Tri-State Emergency Preparedness Continues
New Jersey announces $7 million grant for generator installations at eligible gas stations
It’s been more than a year since Hurricane Sandy crippled the Northeast, but the unprecedented fuel shortage that followed the storm remains troubling for local and state governments hoping to avert a future crisis.
Most recently, New Jersey announced funding through a federal grant that will provide generator installations, or “quick connects,” for 250 gas stations located up and down main routes such as the I-95 corridor and Merritt Parkway. For stations that meet the criteria in terms of fuel storage size, type and location, that could mean up to $65,000 in funding for a new generator installation—a significant amount compared to the $15,000 per store included in New York’s 2013-2014 budget.
Sal Risalvato, executive director of the New Jersey Gasoline, C-Store and Automotive Association (NJGCA), lauds the grant for several reasons, but mainly because it allows station owners an opportunity to make an investment without risking any capital. Achieving return on investment is challenged by the fact that storms like Sandy are rare, and that it still may be difficult to get fuel to the pumps.
“The fact that the government acknowledges the true cost to purchase and install a generator of the size required to power a gas station is encouraging. It takes the risk away,” Risalvato says. “The misconception that business owners are being unreasonable to not agree to front the cost of a generator lingers. Many think you can pick up a $500 unit at Home Depot and fire everything up, but our members have gotten estimates as high as $80,000.”
New York set the stage for backup power when it mandated stations located near limited-access highway exit roads or evacuation routes in downstate areas to prewire for backup power, deploy a backup generator 24 to 48 hours after an emergency is declared and prepare a written plan for deploying backup power. The state will provide up to $15,000 for a generator unit, an amount industry experts have deemed a huge underestimate of the actual cost.
Station Owners Pumped
Martin Gallagher owns two stations in Montvale, N.J., one an Exxon On the Run with a car wash and 16 fuel pumps and the other a Mobil with auto repairs. At least one of his stores is eligible for the grant funding, and he is seriously considering taking the state up on the offer.
“We are one of 40 businesses that quality for the $65,000 limit, apparently,” he says with a hint of skepticism. While he hasn’t received a formal notification from the state, the Exxon store made the list of eligible stations. It meets all the criteria the grant requires: close proximity to the Garden State Parkway, high-capacity storage tanks and the sale of diesel fuel.
Because his stores have lost power only a few times in the past 40 years, he hadn’t felt a strong need to purchase a generator until this opportunity emerged. He did seek out estimates when he heard legislators were introducing bills following Hurricane Sandy, and he got two: one for roughly $75,000 and the other for $82,000. Despite the difference between the grant amount he would receive and the estimates he received to install a generator robust enough to power his entire facility, Gallagher is highly interested.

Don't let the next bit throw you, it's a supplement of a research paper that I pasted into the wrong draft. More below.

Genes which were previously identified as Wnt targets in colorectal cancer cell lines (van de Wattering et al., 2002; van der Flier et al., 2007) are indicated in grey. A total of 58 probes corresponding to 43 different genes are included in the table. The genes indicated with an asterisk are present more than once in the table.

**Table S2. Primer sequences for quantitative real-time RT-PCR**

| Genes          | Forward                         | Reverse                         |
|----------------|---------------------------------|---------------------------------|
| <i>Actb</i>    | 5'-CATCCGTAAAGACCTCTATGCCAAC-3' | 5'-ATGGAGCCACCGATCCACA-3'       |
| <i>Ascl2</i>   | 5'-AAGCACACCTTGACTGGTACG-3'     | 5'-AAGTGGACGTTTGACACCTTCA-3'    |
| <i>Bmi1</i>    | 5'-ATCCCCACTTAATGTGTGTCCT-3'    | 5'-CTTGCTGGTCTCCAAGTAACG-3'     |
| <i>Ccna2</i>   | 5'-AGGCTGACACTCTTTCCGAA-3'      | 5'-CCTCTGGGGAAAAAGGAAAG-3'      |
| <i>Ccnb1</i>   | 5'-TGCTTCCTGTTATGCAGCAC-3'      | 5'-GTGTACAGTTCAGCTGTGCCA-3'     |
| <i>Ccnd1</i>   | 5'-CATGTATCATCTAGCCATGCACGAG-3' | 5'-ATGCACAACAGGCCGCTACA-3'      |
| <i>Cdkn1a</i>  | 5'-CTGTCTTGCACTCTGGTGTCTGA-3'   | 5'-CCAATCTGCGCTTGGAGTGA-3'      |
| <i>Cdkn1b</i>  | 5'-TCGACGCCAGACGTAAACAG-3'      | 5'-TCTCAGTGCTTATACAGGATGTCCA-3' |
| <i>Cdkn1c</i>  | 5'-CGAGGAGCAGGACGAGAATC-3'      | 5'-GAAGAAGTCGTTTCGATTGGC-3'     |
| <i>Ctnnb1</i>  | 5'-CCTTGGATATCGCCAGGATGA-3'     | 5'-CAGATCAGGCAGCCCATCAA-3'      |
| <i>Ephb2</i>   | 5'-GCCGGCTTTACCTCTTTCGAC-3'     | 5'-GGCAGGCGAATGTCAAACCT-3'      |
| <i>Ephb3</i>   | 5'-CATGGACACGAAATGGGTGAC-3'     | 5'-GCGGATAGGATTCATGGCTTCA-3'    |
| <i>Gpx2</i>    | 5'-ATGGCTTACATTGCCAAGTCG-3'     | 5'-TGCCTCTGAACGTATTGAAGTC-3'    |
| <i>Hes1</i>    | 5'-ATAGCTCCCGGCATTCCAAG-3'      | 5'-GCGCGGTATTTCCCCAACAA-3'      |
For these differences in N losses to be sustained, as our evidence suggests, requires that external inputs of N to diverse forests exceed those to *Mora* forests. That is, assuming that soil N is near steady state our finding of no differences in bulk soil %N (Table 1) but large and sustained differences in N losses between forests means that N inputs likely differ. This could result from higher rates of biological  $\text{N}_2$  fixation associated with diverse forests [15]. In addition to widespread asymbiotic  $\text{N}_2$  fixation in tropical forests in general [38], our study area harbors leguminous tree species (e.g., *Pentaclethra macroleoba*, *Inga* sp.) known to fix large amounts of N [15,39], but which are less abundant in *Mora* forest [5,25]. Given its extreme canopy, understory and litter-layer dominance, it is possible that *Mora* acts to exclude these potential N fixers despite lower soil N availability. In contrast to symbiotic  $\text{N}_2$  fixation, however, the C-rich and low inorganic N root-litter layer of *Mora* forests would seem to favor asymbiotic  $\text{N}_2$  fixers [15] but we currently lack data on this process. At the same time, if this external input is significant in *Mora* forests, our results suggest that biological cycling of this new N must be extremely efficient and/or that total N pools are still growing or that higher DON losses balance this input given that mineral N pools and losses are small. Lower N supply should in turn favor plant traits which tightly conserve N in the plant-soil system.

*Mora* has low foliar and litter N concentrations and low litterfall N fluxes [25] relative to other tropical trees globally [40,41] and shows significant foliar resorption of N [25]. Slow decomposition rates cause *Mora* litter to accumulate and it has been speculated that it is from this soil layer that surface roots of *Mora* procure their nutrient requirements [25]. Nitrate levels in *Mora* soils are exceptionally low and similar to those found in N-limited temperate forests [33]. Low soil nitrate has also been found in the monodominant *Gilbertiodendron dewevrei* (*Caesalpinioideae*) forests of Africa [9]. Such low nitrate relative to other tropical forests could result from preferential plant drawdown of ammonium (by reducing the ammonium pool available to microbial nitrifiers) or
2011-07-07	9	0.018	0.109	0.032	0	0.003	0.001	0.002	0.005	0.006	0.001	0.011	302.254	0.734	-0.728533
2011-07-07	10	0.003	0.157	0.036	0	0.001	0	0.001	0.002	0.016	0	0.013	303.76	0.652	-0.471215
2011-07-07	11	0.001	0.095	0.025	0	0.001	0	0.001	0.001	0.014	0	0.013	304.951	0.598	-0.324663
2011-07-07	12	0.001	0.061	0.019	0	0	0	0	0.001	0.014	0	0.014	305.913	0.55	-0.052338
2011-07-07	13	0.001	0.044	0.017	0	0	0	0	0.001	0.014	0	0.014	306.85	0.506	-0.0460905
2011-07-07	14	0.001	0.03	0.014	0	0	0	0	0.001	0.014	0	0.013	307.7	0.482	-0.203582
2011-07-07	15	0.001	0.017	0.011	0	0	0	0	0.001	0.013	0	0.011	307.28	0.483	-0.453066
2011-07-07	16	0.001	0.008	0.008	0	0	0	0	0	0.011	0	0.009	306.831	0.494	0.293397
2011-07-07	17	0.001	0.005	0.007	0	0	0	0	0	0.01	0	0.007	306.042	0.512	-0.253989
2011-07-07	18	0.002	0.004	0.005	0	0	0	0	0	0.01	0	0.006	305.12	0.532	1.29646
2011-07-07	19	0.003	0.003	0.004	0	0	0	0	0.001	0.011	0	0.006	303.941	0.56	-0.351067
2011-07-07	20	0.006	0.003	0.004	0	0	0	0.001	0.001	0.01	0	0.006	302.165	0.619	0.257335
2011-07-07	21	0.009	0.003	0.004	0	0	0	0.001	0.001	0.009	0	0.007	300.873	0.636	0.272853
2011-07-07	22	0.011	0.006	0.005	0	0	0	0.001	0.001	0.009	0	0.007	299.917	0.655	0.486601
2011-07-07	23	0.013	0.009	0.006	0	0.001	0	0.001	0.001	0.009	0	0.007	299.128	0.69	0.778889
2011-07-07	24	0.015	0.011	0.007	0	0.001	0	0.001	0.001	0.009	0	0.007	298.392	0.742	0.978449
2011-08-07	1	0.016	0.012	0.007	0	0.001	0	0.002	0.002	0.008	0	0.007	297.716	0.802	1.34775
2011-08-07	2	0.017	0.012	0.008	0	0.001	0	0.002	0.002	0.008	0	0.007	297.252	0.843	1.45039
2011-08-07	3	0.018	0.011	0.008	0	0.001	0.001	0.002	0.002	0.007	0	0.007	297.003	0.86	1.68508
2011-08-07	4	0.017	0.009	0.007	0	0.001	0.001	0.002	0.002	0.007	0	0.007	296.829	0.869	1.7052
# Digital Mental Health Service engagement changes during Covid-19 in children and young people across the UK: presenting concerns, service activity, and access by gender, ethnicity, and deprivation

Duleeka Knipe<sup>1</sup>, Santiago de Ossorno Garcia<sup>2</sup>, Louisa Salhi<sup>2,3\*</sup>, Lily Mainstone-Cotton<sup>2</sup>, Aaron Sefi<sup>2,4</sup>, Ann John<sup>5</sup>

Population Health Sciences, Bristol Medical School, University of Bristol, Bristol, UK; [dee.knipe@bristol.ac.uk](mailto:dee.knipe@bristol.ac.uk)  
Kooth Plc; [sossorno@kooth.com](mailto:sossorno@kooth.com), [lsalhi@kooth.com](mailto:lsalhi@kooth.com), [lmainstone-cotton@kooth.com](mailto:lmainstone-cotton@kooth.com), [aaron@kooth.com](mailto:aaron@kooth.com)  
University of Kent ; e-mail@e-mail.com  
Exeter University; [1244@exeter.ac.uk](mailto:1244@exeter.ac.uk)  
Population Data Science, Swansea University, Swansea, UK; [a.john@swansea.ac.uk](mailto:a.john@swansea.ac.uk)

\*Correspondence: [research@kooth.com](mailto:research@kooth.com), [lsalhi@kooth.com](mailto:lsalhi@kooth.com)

“After Sandy, I couldn’t get fuel for seven days,” he says. “One store had power and no fuel, and the other had fuel but no power.” Amused by the irony of the situation, Gallagher still questions the purpose of a generator when there are no fuel deliveries. He suggests the state give priority to gas stations with generators to ensure fuel deliveries when a storm is predicted to strike.
“A generator will keep my store running with heat and the basics, but it wouldn’t make me much money,” he says. “On top of that, during Sandy the state-of-emergency conditions kept me from raising my prices, which would have helped cover the additional costs I was incurring. If I had invested in a generator at my own expense, it would have been hard to get a return on my investment.”
Nevertheless, Gallagher says a high-capacity generator onsite would bring him “peace of mind. Other than that, the best thing I can do is get my tanks loaded up when I know a storm is coming.”
On the Wish List
Some station owners who aren’t on the grant list are holding out hope. Tony Crisalli of Holmdel Village Exxon in Holmdel, N.J., is keeping an eye on the process.
“I’m waiting to see how many stations take advantage of the grant, and then I’m going to try to get an opening to use the funding,” Crisalli says. It baffles him that no stores near his are eligible for the grant. Located about 10 miles from the Garden State Parkway and near several large routes, his station is on the small side but has large tanks. His site was one of the few that had fuel during Sandy, but the power was out for about 10 days. He accepted a generator from the local government, only to lose several pieces of equipment due to surges.
“That generator caused tremendous problems — I ended up cooking a lot of equipment like my computer,” Crisalli says. “At 8,000 watts, it wasn’t powerful enough to run the station and charge my battery backup. I need [a generator] two to three times that size.” The spikes in power were manageable, but the station was vulnerable to the drops without backup batteries for protection.
In the meantime, Crisalli anxiously awaits the outcome of grant money distribution. His name sits on a NJGCA list with other retailers seeking a chunk of the generator grant pie. Leftovers are just fine.